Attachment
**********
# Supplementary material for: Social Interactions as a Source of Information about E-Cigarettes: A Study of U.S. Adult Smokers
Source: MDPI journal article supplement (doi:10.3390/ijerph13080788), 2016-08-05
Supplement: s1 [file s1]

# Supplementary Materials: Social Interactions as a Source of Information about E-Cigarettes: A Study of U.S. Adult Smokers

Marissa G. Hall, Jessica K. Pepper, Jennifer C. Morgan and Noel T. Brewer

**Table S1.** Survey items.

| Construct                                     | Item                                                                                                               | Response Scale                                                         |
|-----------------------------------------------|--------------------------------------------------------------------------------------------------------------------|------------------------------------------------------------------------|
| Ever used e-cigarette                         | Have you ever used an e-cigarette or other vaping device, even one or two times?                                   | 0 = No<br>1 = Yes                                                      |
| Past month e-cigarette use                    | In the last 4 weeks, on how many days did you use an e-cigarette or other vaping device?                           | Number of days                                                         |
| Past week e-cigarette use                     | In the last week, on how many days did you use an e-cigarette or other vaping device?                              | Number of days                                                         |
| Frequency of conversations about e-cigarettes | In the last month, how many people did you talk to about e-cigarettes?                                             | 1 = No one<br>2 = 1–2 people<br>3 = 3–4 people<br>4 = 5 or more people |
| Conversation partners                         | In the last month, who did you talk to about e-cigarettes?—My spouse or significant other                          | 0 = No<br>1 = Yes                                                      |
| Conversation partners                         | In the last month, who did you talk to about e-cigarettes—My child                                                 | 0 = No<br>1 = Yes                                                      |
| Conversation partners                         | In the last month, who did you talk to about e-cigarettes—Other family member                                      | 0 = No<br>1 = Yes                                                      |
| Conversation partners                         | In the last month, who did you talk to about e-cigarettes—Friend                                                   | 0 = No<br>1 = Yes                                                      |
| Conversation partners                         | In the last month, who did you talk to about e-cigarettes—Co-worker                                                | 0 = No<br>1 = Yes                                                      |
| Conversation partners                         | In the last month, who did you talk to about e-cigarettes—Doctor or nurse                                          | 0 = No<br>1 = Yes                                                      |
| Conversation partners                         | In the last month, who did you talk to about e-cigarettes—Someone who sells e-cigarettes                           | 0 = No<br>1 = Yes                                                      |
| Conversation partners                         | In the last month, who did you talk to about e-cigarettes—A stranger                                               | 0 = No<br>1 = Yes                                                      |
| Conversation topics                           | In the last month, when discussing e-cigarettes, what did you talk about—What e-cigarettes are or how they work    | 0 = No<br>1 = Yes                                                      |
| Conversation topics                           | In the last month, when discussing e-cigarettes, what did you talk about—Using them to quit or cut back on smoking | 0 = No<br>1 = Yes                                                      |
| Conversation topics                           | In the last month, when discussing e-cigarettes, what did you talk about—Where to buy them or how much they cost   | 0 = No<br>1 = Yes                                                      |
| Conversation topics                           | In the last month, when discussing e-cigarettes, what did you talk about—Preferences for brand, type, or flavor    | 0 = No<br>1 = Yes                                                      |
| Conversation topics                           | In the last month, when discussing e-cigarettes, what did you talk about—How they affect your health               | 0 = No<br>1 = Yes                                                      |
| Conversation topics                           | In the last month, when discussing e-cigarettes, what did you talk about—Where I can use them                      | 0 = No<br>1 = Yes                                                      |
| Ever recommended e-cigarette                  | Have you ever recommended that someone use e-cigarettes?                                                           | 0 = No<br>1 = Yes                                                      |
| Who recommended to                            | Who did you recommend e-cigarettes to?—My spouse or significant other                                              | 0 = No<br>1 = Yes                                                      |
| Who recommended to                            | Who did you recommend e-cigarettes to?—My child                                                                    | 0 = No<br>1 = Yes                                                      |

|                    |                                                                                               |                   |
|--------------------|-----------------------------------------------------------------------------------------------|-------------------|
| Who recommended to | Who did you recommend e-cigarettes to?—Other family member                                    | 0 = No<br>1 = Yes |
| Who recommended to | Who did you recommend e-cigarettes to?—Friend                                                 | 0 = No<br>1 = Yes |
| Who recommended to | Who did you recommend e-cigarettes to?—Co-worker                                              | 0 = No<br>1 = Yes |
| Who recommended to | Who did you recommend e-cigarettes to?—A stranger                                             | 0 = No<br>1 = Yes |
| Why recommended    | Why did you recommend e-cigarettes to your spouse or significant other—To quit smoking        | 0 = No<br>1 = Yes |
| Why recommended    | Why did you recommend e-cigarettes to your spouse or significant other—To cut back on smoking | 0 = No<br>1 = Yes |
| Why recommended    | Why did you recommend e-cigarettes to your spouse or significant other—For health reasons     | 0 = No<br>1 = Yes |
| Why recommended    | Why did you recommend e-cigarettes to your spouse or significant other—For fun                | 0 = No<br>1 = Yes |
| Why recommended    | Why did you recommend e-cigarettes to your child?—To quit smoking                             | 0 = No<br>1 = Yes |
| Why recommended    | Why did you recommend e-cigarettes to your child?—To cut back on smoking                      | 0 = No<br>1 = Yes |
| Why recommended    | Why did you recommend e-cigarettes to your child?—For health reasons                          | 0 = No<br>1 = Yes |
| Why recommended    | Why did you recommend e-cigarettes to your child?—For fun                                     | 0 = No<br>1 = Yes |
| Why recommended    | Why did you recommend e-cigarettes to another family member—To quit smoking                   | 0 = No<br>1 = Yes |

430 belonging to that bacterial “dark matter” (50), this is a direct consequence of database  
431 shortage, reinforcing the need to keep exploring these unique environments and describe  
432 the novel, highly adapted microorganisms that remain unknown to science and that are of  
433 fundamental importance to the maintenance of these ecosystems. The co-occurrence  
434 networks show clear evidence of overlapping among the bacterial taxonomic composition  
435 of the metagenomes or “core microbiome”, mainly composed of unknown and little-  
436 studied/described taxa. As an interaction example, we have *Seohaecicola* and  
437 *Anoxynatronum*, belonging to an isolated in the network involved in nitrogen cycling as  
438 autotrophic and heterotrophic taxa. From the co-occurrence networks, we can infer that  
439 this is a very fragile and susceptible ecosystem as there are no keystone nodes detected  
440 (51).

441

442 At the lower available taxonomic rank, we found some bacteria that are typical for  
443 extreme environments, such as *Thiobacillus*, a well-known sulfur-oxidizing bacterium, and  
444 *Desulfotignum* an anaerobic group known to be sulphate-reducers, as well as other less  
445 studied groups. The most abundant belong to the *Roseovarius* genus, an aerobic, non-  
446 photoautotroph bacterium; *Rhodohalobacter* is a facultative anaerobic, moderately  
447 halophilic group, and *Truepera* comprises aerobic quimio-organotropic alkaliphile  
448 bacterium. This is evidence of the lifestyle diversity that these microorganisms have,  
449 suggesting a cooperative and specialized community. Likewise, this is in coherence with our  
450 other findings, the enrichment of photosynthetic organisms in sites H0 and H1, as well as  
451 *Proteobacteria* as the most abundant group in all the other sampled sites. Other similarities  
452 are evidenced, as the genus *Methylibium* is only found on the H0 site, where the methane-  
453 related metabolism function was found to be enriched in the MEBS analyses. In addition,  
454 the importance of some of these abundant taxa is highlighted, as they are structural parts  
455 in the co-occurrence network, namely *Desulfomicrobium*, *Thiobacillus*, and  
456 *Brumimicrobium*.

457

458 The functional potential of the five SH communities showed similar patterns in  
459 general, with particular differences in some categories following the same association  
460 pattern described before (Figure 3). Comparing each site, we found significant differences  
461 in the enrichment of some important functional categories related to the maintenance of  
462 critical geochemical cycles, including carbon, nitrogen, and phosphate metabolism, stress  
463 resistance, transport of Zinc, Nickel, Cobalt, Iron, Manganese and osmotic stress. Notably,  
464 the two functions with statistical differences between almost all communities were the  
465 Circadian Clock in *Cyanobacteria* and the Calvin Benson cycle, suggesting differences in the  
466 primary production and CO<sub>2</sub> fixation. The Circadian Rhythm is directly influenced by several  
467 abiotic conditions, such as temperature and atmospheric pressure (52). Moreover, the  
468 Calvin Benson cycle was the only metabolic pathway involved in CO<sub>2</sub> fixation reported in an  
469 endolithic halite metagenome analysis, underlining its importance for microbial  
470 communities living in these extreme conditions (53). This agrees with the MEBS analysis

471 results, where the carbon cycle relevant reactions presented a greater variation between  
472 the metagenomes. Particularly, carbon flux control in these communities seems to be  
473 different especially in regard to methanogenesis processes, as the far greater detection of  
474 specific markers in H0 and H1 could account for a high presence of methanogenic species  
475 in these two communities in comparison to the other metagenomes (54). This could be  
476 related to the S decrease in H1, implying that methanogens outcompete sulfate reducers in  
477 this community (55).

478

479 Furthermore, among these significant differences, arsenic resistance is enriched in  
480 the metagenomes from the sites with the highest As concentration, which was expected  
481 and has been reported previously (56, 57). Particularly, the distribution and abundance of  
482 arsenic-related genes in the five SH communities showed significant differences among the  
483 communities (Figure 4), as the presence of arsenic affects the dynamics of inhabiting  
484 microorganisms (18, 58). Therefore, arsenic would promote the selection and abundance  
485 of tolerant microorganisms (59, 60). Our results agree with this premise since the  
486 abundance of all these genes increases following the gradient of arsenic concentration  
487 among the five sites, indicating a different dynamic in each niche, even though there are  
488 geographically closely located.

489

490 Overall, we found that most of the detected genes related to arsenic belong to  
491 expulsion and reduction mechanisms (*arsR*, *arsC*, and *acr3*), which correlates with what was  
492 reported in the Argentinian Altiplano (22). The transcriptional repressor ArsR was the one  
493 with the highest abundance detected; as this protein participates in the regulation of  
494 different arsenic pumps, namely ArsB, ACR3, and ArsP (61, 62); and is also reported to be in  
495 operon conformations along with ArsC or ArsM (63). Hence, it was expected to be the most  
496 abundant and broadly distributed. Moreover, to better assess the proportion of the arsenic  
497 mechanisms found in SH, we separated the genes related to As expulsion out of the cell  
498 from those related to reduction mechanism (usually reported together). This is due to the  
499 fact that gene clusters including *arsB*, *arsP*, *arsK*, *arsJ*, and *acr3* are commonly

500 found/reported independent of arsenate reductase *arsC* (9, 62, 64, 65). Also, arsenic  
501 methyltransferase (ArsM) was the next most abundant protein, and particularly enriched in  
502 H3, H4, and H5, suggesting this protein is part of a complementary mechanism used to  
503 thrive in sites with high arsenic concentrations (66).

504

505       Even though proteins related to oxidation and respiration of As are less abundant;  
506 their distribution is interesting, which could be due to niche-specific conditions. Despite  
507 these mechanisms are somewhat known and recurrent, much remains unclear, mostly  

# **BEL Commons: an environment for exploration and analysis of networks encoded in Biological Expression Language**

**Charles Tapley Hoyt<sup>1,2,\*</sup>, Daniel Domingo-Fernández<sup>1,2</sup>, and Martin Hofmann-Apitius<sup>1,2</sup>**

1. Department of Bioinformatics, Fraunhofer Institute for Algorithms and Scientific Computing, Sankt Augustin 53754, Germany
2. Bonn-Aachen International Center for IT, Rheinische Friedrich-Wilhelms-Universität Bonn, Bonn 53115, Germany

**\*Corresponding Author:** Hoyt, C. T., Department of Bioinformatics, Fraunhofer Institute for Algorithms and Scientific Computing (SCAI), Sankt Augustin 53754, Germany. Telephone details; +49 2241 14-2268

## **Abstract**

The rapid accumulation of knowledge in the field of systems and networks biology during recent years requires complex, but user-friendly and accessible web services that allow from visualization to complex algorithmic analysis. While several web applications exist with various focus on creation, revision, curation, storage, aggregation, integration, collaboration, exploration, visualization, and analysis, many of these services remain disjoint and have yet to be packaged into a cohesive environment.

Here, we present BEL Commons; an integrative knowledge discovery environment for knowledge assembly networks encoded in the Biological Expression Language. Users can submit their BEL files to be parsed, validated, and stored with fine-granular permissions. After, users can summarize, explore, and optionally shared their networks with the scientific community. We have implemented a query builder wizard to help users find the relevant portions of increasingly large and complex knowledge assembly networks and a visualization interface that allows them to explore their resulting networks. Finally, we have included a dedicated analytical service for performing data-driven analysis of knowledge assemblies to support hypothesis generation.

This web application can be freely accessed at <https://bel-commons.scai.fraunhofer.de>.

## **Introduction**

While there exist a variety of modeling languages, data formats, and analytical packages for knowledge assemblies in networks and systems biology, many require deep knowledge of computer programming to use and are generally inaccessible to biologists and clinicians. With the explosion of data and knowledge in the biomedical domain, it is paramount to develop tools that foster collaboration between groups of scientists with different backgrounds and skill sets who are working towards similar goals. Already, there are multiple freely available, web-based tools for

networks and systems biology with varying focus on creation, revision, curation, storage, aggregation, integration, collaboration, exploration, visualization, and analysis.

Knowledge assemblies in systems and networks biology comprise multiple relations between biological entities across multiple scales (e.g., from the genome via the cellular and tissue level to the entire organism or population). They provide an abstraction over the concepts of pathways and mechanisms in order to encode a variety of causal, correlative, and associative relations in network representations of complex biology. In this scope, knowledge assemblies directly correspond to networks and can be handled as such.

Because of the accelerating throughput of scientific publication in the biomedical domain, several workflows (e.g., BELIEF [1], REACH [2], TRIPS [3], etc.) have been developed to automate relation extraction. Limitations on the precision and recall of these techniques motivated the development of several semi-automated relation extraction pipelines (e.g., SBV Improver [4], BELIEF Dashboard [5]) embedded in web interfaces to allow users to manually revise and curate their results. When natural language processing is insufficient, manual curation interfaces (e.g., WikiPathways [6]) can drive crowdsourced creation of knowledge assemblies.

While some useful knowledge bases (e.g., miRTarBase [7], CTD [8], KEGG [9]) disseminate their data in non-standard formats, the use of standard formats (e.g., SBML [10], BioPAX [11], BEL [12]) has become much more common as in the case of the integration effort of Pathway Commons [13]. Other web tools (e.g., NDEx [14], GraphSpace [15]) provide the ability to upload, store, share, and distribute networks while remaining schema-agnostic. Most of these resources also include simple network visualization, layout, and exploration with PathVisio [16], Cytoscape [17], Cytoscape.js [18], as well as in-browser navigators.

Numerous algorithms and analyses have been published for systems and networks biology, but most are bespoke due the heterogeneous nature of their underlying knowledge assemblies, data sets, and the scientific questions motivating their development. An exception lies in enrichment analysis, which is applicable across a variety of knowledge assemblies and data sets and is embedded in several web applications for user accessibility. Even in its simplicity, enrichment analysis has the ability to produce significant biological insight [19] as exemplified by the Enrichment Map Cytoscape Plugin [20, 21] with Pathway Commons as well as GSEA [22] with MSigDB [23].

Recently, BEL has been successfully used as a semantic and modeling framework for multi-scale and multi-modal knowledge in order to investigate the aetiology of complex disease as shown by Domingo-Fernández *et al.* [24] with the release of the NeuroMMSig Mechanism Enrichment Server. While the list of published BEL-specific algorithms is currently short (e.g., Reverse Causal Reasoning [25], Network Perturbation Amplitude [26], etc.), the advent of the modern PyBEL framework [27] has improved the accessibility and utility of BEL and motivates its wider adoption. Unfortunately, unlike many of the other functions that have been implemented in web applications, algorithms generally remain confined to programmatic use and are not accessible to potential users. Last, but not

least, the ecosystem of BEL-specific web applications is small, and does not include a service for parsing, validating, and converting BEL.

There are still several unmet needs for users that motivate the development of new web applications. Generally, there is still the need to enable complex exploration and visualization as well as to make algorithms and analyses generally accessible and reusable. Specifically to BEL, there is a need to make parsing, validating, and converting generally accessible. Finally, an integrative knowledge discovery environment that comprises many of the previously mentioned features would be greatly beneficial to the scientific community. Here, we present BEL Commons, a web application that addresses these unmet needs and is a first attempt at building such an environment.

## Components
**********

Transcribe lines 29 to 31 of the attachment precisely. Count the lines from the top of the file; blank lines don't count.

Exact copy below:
| Who recommended to                            | Who did you recommend e-cigarettes to?—My child                                                                    | 0 = No<br>1 = Yes                                                      |

|                    |                                                                                               |                   |
|--------------------|-----------------------------------------------------------------------------------------------|-------------------|